The United States market had so dominated the purchase of technology products in the Postwar period to the point that a dangerous myopia had overcome too many US management teams. The management, sales, marketing, and development arms of most US firms invisibly reflect this myopia where “different” is assumed to be wrong rather than merely different and in need of appropriate service. Even the postwar classic (and now often inaccurate) 60 — 30 — 10 percentage breakdown between the US, Europe and “All other” (then primarily Japan) has not done this skew justice as American managers still have a residue of seeing offshore regions as an amalgam of alien markets asking for “the wrong thing in the wrong order at the wrong time.” When US managers do think about foreign markets, they tend to see them as smaller mirrors of the US market, having the same technology horizon, needing products and services of the same content, buying them at the same time, purchasing them for the same reasons, and responding to the same marketing themes and sales vehicles. Firms with dedicated headquarters marketing groups generally fare no better as these groups mirror the marketing mindset of the Americas where they reside.

If the US/EU firm does get correct guidance on offshore markets but does not educate its internal organization, their staff will hear the words without understanding the true meaning so as to operate effectively. A simple example is the risk averseness of Central Europeans compared to the US. Whereas the US sees, say, Germany as conservative, possibly risk averse, the Germans see the US as risk taking, and often foolhardy. The different risk horizons are rarely verbalized and each projects its assumptions upon the other and is then baffled at the odd judgment of their partner. Transpose the difference to, say, Japan or China and disaster awaits.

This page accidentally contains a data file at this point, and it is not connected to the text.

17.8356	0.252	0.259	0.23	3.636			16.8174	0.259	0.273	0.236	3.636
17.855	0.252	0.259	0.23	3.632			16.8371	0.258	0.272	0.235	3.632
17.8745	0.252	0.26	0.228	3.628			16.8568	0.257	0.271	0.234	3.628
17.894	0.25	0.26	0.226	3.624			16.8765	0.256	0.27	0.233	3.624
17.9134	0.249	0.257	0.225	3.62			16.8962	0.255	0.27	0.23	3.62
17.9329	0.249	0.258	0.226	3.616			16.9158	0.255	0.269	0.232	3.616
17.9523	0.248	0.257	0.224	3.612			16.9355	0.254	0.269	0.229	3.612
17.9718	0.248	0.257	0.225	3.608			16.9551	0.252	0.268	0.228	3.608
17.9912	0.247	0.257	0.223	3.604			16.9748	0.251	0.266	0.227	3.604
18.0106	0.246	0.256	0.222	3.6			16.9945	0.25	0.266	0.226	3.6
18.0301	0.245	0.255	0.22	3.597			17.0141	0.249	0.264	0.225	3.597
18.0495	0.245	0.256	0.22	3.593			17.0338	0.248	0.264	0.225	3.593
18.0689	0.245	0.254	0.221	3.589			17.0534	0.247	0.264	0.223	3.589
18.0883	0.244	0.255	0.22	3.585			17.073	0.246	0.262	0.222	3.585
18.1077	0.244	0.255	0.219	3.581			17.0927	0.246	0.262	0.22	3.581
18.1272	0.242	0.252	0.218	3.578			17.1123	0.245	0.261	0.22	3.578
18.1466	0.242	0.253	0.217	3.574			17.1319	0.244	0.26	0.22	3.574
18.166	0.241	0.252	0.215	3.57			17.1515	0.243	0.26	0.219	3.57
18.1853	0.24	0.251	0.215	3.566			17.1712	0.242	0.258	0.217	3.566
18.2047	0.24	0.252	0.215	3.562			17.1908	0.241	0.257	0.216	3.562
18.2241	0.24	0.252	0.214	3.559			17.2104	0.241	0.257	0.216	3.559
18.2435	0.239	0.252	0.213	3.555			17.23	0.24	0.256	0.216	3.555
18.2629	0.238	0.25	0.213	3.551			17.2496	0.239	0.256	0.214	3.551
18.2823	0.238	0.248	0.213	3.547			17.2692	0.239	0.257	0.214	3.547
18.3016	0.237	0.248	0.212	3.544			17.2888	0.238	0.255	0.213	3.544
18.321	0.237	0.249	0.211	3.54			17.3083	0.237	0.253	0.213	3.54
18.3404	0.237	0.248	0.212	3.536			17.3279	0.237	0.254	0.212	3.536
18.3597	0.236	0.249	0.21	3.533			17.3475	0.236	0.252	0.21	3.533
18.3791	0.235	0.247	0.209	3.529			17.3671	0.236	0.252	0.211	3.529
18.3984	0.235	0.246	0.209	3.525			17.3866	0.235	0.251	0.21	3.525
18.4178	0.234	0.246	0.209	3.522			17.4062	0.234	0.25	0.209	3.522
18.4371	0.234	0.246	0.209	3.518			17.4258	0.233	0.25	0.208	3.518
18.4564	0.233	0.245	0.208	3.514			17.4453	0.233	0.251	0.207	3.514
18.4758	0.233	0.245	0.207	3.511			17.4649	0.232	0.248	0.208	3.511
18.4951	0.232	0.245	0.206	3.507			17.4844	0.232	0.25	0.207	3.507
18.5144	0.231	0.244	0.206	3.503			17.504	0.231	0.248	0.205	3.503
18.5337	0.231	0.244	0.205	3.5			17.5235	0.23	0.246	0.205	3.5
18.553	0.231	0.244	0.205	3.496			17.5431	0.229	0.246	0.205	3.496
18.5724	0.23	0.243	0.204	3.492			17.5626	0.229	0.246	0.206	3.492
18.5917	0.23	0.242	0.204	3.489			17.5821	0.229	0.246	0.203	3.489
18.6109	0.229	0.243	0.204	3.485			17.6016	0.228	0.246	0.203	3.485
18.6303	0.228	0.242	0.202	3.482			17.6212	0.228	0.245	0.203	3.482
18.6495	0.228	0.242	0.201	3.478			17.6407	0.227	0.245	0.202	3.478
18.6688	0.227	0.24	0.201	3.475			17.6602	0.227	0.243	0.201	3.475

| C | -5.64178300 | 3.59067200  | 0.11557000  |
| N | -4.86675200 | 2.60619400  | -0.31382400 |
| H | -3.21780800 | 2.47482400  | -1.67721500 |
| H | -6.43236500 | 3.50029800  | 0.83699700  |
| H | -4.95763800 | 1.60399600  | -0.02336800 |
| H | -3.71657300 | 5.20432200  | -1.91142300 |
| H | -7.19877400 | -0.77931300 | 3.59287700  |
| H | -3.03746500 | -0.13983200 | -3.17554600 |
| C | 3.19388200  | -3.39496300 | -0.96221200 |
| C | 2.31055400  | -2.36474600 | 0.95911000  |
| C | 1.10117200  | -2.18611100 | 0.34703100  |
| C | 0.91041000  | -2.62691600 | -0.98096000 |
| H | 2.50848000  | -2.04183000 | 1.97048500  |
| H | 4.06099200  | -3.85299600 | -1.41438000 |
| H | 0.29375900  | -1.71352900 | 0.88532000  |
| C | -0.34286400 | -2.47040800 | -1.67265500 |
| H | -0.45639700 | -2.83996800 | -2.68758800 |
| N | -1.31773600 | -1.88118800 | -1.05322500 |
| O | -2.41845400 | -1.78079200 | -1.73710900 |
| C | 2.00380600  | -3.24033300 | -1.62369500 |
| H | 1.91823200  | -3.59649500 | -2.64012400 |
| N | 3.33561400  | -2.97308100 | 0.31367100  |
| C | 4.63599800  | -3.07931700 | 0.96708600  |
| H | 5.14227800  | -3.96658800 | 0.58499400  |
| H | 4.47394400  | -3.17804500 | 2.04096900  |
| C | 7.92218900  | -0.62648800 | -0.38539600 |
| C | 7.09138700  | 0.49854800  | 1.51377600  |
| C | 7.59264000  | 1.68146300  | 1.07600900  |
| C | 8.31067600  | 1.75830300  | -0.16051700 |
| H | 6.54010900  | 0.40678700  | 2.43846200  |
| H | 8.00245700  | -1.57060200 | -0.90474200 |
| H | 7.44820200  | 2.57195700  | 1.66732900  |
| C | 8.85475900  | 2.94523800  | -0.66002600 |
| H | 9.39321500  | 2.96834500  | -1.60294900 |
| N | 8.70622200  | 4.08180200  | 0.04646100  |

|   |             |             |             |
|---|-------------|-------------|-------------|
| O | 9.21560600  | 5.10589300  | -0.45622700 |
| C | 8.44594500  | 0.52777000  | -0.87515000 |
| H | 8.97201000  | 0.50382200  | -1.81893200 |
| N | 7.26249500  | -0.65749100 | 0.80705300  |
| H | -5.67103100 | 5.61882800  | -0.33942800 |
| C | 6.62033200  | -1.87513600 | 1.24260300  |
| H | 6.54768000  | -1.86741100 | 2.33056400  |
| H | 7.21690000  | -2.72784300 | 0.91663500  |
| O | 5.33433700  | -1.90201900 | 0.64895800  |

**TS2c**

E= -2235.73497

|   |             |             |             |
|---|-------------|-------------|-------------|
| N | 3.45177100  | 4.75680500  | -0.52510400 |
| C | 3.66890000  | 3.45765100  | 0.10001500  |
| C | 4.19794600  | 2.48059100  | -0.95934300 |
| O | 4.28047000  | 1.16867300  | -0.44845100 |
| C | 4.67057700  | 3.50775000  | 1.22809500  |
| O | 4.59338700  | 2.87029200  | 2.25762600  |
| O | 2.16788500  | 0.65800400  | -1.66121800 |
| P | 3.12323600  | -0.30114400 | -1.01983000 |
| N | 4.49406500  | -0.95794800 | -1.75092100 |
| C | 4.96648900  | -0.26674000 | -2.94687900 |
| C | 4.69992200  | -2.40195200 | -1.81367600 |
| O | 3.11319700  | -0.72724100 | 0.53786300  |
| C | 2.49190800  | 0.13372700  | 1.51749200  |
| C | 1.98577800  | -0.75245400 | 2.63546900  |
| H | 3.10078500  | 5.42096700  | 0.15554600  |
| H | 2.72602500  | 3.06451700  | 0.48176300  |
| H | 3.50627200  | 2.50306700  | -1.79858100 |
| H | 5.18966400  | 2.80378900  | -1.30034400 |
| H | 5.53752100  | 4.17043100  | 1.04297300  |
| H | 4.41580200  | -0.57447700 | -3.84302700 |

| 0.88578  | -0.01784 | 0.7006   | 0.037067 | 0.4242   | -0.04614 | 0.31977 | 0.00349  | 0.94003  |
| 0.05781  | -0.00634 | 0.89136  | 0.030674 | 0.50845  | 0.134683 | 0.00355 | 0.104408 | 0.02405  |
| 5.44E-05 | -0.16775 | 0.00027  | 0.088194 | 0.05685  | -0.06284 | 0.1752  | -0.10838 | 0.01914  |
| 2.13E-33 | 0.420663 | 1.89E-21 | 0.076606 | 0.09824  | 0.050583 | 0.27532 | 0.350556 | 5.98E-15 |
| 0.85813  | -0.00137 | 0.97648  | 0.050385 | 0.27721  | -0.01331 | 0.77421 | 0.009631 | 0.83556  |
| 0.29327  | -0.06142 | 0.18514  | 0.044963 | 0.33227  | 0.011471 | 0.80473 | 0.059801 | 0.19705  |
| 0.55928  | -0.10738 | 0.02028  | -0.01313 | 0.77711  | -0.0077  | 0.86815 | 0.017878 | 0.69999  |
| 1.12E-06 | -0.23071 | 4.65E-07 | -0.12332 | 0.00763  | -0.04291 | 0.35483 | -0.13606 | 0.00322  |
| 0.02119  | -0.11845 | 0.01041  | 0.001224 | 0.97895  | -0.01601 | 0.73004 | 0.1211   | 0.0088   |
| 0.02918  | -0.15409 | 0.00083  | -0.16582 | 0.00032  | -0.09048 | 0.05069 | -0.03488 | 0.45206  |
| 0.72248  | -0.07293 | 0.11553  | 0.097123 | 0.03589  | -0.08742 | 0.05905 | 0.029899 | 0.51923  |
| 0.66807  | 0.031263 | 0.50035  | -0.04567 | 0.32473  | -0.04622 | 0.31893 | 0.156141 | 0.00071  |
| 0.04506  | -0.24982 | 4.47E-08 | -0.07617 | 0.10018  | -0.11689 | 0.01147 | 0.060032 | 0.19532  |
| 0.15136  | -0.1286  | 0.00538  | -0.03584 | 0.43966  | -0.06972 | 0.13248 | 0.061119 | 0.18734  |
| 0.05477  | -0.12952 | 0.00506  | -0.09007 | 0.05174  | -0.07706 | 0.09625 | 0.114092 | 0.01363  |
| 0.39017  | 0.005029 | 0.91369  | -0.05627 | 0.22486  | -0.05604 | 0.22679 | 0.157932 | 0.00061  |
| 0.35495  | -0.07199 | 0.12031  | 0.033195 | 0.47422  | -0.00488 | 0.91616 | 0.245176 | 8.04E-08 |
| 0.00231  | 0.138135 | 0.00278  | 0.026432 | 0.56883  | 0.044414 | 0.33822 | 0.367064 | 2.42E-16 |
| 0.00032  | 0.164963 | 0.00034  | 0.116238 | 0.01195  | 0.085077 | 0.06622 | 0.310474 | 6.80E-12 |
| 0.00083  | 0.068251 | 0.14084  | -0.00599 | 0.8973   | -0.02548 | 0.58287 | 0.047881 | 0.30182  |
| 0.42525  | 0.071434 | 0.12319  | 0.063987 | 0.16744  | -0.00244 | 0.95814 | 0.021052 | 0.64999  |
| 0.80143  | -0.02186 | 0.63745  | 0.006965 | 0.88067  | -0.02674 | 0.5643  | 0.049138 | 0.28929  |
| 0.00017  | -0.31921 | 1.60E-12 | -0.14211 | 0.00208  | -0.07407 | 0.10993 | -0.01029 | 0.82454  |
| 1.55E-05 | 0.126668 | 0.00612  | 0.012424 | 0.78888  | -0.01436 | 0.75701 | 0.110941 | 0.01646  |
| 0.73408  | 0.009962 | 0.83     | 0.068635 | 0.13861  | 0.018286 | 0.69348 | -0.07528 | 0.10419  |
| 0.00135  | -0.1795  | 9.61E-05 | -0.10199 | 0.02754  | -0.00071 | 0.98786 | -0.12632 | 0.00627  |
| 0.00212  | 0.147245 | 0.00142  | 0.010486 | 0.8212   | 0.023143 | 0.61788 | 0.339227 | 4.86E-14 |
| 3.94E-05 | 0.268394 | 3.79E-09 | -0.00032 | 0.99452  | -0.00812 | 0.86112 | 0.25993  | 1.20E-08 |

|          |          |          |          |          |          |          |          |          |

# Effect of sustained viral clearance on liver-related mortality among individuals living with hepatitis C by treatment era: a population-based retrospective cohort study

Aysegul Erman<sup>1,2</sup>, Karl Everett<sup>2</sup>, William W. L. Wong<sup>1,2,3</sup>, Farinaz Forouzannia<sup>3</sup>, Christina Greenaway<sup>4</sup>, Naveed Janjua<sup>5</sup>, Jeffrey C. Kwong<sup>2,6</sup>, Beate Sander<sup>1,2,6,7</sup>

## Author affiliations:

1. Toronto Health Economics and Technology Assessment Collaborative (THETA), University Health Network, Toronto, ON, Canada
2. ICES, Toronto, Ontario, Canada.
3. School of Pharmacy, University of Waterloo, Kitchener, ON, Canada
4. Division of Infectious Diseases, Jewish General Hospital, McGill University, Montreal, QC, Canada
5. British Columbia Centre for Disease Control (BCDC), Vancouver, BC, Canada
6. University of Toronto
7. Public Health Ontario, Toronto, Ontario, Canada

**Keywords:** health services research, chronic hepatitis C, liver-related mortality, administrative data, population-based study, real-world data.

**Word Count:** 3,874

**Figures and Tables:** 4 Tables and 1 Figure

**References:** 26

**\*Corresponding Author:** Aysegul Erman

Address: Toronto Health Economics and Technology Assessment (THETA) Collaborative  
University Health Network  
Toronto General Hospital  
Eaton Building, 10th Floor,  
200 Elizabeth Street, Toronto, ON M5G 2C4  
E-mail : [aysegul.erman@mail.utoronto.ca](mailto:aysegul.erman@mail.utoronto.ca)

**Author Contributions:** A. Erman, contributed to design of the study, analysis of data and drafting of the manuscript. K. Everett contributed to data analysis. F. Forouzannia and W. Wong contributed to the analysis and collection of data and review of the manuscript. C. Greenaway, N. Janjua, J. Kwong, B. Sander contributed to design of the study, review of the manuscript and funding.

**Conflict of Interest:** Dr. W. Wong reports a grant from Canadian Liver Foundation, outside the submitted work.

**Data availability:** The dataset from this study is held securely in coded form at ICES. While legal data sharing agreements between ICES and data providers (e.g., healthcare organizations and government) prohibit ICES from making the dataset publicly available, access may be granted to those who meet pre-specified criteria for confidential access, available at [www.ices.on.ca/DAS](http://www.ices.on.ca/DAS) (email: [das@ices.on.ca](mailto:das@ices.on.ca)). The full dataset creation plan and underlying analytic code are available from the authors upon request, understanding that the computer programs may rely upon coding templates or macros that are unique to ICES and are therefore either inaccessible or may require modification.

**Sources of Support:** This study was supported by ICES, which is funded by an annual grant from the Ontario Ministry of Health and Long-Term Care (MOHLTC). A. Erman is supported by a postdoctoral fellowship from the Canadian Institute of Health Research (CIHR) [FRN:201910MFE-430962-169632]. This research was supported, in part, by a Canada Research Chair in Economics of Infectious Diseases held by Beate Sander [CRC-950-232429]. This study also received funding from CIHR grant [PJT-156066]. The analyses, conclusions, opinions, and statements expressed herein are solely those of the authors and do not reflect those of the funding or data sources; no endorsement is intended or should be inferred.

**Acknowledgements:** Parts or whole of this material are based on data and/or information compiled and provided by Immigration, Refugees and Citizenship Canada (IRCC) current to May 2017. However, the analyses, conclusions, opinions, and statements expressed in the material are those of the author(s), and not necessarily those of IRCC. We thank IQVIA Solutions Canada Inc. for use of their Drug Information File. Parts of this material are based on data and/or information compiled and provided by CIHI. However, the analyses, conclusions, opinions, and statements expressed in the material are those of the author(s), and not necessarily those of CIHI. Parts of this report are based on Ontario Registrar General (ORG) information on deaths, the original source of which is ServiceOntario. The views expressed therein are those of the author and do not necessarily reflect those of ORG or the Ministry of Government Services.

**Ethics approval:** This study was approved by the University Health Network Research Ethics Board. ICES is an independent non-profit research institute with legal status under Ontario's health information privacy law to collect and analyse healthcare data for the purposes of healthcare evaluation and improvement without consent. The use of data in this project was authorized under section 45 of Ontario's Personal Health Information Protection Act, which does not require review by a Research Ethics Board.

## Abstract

Left unchecked, and the US parent uneducated, the firm continues to be baffled as to why its products do not sell, continues to have “unexpected” regional revenue shortfalls, and continues to scapegoat the local country managers or distributors. The result is a stunning loss in direct and indirect opportunity that is rarely recoverable before more intelligent competitors absorb market share.

In reality foreign markets vary widely among themselves and in comparison to the US. Each foreign market has its own technology horizon, needs unique, tailored content in its products and services, buys those products in its own cycle, purchases them for different reasons, and demands its own marketing themes and sales vehicles. Foreign markets are not smaller versions of the US market. The US firm that understands this and drives the awareness of those differences into each segment of its operations is capable of becoming a truly global firm with a palette of products and services avidly sought by the potential buyers in each region it does business.

Whether you commence with distribution, later transitioning to direct, or go direct from the onset, you must keep these first principles in mind in order to have a chance at success.

Gordon Housworth
Intellectual Capital Group LLC

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One Response to “Employing distribution or direct operations does not abrogate your need to understand local markets”

  1. All Roads Lead To China » A process of foreign market definition and product delivery says:

    August 3rd, 2006 at 4:47 pm

    […] China Strategic Development Partners « Employing distribution or direct operations does not abrogate your need to understand local markets A process of foreign market definition and product delivery […]